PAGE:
• “The CDC is anticipating a shortage of Td vaccines — which protect against tetanus and diphtheria — as the maker of one shot has discontinued production. 
    • “As a result, the CDC has updated guidance for providers and is recommending that they switch to administering Tdap vaccines, which protect against pertussis in addition to tetanus and diphtheria, whenever possible.  
    • “MassBiologics discontinued production of its TdVax shot, and while Sanofi also manufactures a Td vaccine and is working to boost supplies, the CDC anticipates the U.S. could see a shortage of the vaccines later this year. 
    • “Because not everyone can receive the Tdap vaccine, “the limited supply of Td vaccine needs to be preserved for those with a contraindication to receiving pertussis-containing vaccines,” the CDC said in its guidance.” 
  • Medscape notes,
    • “Injectable weight loss drugs like Wegovy, Saxenda, and Zepbound have been getting all the glory lately, but they’re not for everyone. If the inconvenience or cost of weight loss drugs isn’t for you, another approach may be boosting your gut microbiome.
    • “So how does one do that, and how does it work?
    • “In theory, all you have to do is boost your gut microbiome.
    • “There are a lot of different factors naturally in weight gain and weight loss, so the gut microbiome is certainly not the only thing,” said Chris Damman, MD, a gastroenterologist at the University of Washington. He studies how food and the microbiome affect your health. “With that caveat, it probably is playing an important role.”
  • STAT News adds,
    • “New obesity drugs like Wegovy and Zepbound are currently taken once a week, indefinitely. But what if they could be taken once a year instead, like a vaccine?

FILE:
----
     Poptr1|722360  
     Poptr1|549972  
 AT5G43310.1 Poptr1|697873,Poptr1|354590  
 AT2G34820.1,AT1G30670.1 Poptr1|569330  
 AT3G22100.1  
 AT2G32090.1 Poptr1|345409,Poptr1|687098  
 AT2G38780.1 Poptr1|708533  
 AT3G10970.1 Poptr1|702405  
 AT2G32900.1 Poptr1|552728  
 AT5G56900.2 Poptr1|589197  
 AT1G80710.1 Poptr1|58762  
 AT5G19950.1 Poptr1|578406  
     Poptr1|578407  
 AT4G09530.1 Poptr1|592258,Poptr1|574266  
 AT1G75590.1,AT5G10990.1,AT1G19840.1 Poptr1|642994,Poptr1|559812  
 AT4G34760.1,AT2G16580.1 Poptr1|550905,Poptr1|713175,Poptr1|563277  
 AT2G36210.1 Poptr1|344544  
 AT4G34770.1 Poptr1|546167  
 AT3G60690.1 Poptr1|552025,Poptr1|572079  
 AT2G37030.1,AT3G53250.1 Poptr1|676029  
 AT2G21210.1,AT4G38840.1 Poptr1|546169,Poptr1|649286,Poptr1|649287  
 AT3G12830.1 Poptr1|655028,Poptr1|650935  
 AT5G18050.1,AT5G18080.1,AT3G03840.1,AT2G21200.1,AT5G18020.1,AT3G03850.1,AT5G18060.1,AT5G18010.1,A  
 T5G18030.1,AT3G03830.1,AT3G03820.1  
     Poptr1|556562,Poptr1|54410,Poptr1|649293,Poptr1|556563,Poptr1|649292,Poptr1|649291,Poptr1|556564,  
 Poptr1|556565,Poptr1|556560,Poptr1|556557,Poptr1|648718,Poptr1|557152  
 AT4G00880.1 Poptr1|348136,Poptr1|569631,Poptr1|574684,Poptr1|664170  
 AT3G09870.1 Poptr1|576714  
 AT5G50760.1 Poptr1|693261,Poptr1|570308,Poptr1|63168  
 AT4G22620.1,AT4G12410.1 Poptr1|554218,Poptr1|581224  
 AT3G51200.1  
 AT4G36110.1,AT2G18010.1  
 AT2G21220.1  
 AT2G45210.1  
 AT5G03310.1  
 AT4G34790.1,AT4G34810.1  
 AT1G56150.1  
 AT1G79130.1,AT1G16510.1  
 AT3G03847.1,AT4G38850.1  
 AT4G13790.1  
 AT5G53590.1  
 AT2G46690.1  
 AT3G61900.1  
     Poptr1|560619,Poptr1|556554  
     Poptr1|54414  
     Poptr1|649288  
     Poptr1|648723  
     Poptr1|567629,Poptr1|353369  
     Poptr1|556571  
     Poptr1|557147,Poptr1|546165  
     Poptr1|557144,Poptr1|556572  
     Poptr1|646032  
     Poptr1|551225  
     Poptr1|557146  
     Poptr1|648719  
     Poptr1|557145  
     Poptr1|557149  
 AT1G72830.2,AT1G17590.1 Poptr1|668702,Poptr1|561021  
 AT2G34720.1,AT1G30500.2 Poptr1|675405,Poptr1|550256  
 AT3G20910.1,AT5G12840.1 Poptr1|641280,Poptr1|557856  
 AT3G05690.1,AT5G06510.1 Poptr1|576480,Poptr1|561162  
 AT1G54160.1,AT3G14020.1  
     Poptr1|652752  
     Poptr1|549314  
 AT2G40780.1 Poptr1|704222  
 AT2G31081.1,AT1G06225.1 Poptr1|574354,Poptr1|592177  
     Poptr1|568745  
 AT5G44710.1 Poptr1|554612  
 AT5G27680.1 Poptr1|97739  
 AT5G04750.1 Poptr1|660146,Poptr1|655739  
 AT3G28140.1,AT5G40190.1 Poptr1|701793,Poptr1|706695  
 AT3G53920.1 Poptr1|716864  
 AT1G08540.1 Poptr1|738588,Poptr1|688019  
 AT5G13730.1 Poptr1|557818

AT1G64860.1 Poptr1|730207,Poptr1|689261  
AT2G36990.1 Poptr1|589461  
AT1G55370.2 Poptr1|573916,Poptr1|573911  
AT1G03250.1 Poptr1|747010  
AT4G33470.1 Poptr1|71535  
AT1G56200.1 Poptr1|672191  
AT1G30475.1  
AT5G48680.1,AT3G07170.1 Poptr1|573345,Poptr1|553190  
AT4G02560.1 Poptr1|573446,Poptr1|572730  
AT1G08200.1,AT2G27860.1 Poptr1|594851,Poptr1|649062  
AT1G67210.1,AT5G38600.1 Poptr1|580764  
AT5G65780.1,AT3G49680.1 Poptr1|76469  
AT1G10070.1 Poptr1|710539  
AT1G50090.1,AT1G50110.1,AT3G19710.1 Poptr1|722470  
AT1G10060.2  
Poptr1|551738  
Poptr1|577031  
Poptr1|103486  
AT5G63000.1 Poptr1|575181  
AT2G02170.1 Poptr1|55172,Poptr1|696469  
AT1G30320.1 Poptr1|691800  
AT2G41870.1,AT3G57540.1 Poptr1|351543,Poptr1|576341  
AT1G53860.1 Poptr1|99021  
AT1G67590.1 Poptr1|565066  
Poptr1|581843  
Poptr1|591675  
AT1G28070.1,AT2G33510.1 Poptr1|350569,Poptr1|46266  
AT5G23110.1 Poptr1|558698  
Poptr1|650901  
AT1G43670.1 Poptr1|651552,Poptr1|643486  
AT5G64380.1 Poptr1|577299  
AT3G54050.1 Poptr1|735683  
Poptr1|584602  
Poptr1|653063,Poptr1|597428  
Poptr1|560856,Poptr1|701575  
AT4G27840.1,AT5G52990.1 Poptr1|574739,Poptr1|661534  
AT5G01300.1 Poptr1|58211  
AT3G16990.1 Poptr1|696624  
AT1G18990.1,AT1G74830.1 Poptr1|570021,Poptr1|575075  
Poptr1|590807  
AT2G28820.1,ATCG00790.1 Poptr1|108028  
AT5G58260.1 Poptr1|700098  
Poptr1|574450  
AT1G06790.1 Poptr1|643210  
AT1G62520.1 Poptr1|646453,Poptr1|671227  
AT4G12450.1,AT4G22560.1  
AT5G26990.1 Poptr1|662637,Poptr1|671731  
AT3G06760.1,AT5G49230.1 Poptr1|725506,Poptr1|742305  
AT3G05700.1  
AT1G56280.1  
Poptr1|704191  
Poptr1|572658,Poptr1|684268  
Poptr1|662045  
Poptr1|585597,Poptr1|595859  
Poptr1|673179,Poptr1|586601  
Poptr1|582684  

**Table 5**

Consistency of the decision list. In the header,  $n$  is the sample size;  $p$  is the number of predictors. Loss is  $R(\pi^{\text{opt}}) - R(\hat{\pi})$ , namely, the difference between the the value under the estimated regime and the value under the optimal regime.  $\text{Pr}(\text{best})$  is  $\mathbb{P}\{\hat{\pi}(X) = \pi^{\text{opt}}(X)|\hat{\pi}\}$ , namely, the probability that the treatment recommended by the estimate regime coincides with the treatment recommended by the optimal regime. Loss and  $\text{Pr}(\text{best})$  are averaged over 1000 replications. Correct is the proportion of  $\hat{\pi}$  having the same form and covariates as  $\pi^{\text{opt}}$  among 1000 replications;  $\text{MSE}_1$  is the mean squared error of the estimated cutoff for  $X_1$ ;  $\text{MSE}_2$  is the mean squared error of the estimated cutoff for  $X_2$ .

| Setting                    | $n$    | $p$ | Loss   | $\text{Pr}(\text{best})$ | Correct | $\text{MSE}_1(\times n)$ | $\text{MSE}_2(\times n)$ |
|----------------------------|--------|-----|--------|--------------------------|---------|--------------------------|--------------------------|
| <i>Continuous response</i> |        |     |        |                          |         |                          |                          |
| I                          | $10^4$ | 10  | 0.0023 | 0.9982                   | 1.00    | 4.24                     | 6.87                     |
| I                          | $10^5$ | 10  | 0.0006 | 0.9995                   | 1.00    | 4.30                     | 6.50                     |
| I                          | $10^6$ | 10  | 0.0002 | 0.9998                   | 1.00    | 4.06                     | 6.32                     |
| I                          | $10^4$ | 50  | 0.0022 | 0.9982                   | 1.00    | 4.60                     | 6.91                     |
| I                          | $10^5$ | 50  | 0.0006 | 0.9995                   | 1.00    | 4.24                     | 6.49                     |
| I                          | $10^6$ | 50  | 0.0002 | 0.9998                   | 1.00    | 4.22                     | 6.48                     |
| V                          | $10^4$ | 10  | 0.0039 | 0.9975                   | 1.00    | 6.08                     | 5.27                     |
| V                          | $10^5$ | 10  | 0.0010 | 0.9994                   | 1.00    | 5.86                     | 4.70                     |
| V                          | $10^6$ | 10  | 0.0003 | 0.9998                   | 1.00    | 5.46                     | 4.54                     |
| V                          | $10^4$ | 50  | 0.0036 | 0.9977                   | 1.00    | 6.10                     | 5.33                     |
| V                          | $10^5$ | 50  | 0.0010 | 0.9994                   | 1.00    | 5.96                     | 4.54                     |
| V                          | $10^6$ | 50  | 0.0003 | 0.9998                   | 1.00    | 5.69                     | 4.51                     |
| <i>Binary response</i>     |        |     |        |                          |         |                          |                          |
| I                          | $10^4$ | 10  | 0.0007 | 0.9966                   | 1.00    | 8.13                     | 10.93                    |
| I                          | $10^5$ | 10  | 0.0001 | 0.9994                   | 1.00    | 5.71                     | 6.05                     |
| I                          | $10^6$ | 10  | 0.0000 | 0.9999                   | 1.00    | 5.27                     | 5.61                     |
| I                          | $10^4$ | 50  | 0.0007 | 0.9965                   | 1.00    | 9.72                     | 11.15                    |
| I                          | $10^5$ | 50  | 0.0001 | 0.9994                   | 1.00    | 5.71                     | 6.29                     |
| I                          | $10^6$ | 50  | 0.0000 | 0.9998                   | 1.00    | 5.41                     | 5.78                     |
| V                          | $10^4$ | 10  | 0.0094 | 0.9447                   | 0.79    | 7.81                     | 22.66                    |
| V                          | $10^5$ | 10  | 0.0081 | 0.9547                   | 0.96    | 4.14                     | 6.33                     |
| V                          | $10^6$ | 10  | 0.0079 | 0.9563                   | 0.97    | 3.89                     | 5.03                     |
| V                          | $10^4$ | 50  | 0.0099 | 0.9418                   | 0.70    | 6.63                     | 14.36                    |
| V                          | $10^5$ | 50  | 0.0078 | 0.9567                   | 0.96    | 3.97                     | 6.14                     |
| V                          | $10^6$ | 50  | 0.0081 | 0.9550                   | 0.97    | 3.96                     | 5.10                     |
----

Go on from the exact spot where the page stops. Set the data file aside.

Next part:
• “That’s a question that Novo Nordisk, the pharma company behind Wegovy, is exploring as it faces increased competition from other drugmakers aiming to develop similar GLP-1-based treatments for obesity.
    • “We have a very early think tank on: what would it take us, from a technology point of view and from an ecosystem point of view, to make long-lasting GLP-1 molecules?” Marcus Schindler, Novo’s chief scientific officer, said in an interview with STAT Wednesday. “Could we think about vaccine-like properties, where imagine you had, once a year, an injection with an equivalent of a GLP-1 that really helps you to maintain weight loss and have cardiovascular benefits?”

From the U.S. healthcare business and cybersecurity issues front,

  • Beckers Hospital Review informs us,
    • “Optum’s Change Healthcare confirmed Feb. 29 that it was hacked by a ransomware gang after the group claimed to have stolen massive amounts of data.
    • “Change Healthcare can confirm we are experiencing a cybersecurity issue perpetrated by a cybercrime threat actor who has represented itself to us as ALPHV/Blackcat,” an Optum spokesperson emailed Becker’s on Feb. 29. “We are actively working to understand the impact to members, patients and customers.” * * *
    • “ALPHV/Blackcat, aka BlackCat, claimed responsibility for the hack, posting on its dark web leak site that it stole 6 terabytes worth of Change Healthcare data involving “thousands of healthcare providers, insurance providers, pharmacies, etc,” Bleeping Computer reported Feb. 28. The allegedly stolen data includes medical records, patient Social Security numbers, and information on active military personnel (Change serves some military healthcare facilities).
    • “But as Politico noted Feb. 28: “Ransomware groups, which demand extortion payments in exchange for restoring or not publishing stolen data, often exaggerate their exploits as a negotiating tactic.”
    • “ALPHV/Blackcat, which has been linked to Russia, has been targeting the U.S. healthcare industry since December after the FBI disrupted its operations.”
  • STAT News adds,